There’s a very cool movie somewhere inside Atomic Blonde. It just doesn’t come out often enough. Slick spy thrillers with this particular tone don’t come along very often – balancing gritty thrills against more stylish espionage-as-fantasy notions – and that, coupled with another knockout leading turn from Charlize Theron gives it some power under the hood. But too often, all that gorgeous energy just has nowhere to go.
Theron’s character has been favorably compared to James Bond, and while it doesn’t quite match up, you can see signs of the same traits that made 007 such an icon. We first see her M16 Agent Lorraine Broughton recovering after a super-intense mission in Berlin as the Wall comes down. She’s soon put under the hot lights and order to recount her ordeal.
Her steely pushback in the face of systematic pressure is expected, but not the quiet fatalism that runs through her every word. The woman has seen what a madhouse the intelligence world can be, and knows how it usually ends for those involved. She accepts the consequences as serenely as she lights a cigarette. The fresh wounds riddling her body speak to her willingness to pay the price.
That sets a promising tone for what follows, as does the setting and the various ne’er-do-wells who inhabit it. ’89 Berlin was, to put it mildly, losing its collective mind, and in the shadows, the spy community just caught a live grenade: a grand MacGuffin revealing the names of every Allied intelligence operative operating in the East. It’s gone missing, and Broughton catches the first plane from London to track it down. Her main contact (James McAvoy) may have gone rogue – selling jeans and whiskey to eager East Berliners while trafficking in far more dangerous good behinds the scene – and yet he’s her best option to finding what she needs and getting out before the city goes completely bananas.
Direct David Leitch coats it all in an irresistible sheen of industrial post-punk arrogance, topped by a soundtrack full of era hits that trend to the punchier end of the scale. Period pieces rarely look so perfect for the intended mood as they do here, and the sort of energized collapse of the old order represented by the Berlin Wall translates into a fierce, freewheeling mood that speaks to grand things in store.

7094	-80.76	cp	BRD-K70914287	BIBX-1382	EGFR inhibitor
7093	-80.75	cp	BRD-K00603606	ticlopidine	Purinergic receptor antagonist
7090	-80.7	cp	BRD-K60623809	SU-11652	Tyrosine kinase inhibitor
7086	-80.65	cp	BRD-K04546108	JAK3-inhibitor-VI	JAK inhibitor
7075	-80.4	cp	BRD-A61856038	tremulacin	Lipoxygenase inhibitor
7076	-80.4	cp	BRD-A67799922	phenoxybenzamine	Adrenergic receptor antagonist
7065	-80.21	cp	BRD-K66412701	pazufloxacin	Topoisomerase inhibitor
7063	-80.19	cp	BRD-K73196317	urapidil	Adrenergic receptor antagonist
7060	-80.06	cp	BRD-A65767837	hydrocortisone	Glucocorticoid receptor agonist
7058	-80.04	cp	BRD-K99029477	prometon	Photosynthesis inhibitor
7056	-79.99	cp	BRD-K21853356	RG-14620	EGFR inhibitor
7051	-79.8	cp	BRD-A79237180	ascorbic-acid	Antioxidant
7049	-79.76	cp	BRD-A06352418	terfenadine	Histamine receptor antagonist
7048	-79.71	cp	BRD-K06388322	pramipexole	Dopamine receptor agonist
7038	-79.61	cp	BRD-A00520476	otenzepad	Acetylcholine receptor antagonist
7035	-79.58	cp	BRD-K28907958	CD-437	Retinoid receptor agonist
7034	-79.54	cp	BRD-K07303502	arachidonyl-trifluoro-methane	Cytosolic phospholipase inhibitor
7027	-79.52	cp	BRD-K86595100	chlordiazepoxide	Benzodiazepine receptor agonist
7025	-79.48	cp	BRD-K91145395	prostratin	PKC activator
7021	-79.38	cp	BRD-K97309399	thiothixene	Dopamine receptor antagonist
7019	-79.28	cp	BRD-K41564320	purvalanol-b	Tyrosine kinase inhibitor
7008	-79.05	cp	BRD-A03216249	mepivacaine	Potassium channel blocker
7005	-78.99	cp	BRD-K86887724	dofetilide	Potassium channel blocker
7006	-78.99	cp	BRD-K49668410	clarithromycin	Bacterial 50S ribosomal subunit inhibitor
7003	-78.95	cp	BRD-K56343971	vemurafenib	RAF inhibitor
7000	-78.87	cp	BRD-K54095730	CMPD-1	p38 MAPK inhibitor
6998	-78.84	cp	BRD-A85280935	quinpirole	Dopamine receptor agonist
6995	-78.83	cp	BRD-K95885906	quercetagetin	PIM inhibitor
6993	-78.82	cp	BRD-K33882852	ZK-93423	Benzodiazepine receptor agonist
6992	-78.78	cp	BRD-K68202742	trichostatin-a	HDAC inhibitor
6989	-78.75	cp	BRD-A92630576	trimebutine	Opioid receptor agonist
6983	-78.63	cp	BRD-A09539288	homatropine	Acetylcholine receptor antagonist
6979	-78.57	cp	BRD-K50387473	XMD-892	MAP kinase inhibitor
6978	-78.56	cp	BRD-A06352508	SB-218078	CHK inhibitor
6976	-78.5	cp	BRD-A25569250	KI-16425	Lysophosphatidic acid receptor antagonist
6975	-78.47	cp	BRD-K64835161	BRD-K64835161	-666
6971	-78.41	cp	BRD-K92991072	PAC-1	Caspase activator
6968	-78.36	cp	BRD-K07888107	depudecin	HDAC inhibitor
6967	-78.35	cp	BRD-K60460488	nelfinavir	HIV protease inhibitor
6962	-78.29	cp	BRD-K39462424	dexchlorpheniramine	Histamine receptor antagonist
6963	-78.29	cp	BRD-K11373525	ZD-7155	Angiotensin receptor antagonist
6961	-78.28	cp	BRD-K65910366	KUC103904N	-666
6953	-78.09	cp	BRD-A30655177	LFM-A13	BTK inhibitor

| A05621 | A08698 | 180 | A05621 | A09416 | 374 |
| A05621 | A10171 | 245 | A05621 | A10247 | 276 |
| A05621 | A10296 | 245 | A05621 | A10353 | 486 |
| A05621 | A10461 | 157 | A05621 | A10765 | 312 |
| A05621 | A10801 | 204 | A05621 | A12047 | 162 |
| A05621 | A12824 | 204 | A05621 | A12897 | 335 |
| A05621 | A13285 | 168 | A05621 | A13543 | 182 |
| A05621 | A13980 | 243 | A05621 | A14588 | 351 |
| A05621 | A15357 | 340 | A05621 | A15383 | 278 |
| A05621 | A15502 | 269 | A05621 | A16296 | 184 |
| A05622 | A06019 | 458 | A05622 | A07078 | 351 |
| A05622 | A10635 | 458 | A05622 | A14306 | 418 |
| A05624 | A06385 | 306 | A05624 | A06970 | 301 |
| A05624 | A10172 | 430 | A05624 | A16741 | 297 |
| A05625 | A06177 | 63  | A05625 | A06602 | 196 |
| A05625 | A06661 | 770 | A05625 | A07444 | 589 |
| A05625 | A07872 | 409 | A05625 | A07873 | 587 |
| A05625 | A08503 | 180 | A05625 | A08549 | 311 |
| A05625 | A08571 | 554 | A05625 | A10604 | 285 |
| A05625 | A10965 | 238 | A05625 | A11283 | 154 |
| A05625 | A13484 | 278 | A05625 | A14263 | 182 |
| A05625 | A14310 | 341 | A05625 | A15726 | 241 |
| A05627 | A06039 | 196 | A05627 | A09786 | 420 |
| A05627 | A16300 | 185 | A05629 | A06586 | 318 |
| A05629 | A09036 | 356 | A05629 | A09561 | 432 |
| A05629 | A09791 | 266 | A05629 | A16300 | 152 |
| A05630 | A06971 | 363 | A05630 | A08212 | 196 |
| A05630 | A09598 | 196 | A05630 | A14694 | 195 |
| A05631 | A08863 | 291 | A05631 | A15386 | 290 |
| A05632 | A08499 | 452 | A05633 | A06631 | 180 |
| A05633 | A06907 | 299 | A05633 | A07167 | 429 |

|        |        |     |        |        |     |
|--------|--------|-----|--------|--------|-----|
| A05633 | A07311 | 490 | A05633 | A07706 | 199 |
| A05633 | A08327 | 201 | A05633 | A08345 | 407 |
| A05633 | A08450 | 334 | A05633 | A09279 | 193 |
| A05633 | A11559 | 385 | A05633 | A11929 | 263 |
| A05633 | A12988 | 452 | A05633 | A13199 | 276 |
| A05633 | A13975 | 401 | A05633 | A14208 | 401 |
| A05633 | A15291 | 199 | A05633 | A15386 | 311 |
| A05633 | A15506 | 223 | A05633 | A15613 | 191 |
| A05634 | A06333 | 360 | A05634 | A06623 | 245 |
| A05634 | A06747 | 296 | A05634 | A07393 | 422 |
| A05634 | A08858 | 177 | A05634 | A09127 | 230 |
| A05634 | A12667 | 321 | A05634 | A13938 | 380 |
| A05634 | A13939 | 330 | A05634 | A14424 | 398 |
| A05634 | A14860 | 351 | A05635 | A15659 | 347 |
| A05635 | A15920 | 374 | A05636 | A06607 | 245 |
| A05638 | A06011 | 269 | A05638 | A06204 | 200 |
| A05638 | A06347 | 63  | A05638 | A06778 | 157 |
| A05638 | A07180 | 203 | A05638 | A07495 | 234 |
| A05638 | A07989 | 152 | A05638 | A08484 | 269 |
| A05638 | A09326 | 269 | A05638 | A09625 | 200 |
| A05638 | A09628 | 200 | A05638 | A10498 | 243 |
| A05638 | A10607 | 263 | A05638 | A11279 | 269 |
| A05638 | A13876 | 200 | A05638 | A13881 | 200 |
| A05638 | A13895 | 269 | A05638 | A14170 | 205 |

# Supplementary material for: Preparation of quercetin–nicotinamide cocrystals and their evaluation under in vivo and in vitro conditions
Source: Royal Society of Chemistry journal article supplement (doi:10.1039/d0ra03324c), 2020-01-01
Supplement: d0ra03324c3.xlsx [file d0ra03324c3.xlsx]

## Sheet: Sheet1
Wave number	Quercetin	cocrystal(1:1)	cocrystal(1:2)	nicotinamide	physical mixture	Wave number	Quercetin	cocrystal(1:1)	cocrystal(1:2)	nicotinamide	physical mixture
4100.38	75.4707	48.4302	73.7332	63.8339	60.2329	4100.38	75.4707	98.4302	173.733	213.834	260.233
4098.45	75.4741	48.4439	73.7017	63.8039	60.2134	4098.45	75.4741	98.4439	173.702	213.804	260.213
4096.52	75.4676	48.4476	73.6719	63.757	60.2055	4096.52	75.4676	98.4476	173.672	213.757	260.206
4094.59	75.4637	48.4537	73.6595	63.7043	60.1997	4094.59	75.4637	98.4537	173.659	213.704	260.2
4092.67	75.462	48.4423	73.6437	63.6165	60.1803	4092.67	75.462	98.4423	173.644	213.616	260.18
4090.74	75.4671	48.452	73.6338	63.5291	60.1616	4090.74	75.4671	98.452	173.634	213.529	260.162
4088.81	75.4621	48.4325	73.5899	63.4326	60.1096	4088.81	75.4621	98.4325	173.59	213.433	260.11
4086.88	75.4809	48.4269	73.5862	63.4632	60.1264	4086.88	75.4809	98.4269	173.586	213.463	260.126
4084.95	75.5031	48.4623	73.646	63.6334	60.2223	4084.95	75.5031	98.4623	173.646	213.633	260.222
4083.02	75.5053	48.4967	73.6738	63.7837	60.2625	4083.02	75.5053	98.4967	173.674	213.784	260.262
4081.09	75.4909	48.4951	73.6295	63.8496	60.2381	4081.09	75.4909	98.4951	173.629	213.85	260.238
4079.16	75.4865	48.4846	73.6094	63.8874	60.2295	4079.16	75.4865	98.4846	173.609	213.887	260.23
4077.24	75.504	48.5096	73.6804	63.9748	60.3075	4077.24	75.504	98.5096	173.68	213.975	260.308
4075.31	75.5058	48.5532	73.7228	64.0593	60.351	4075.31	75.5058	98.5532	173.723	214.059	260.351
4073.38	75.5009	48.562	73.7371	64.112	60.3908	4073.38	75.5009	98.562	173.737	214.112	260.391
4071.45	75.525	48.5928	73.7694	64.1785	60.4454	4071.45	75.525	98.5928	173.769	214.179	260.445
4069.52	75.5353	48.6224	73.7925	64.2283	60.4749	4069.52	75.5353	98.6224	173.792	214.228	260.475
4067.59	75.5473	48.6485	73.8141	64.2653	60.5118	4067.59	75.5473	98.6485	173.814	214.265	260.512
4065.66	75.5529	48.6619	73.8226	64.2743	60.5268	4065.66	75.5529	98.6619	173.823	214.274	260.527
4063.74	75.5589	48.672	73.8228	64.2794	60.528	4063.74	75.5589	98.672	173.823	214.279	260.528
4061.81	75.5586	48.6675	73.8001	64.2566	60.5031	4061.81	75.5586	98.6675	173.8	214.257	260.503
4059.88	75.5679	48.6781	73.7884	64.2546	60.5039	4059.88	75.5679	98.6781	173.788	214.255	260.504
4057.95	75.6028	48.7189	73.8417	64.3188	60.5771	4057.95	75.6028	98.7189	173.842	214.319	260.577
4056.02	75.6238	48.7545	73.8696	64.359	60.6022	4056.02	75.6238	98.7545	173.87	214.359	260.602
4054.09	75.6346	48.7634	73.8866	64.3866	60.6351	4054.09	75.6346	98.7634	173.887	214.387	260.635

Nowhere is that better served than with the film’s action sequences: surprising, intense and impossible to look away. Leitch’s background in stuntwork serves him extremely well, and the brutally clever fight scenes are worth a look solely on their own merits. The topper is a ten-minute single shot tracking a fight up and down an abandoned building (and ultimately into the streets), with Theron savaging a seemingly unstoppable gaggle of goons through sheer indominable stubbornness. The actress herself is more than up for the physical challenges of the role, and Atomic Blonde knows how to throw her into the mayhem in precisely the right way.
And yet all of that stresses the surface details over the substance far too often, and once you dive beneath the sparkly sheen, the movie becomes a lot more problematic. A bevvy of supporting characters swirls around Broughton, without a whole lot of thought given to why we might be interested in them or what purpose they serve on her Byzantine mission. A lesbian lover (Sofia Boutella) pops up, and while the Algerian-born actress is rapidly becoming something to look forward to in everything she does, she doesn’t have a lot to work with. The same can be said for Eddie Marsan as a key Soviet defector, John Goodman as an exasperated CIA agent, and Toby Jones as Broughton’s superior: all of them champing at the bit and none of them quite certain what to do amid web of moves and countermoves that serves as the film’s plot.
The film’s fatal error comes in mistaking a given plot twist as mind-blowing in and of itself. Without investing us more in the outcome, “intriguing” soon becomes “confusing” and the lack of strong impetus reduces the action to empty noise more than once. Atomic Blonde skates along on attitude for longer than it has any right to, and Theron was born for this kind of material. That makes the effort interesting and provides it with some distinction in a field still utterly dominated by swaggering boys like Bond and Jason Bourne.
But you could feel something really special percolating here, and it never quite comes together. That doesn’t make Atomic Blonde a disappointment, just an ultimately emptier experience than it needs to be. It should have been better, and with that, its hollow nature ultimately undoes it. If you can live on flashiness alone, it knows how to get the job done. Just don’t expect much steak beneath the sizzle.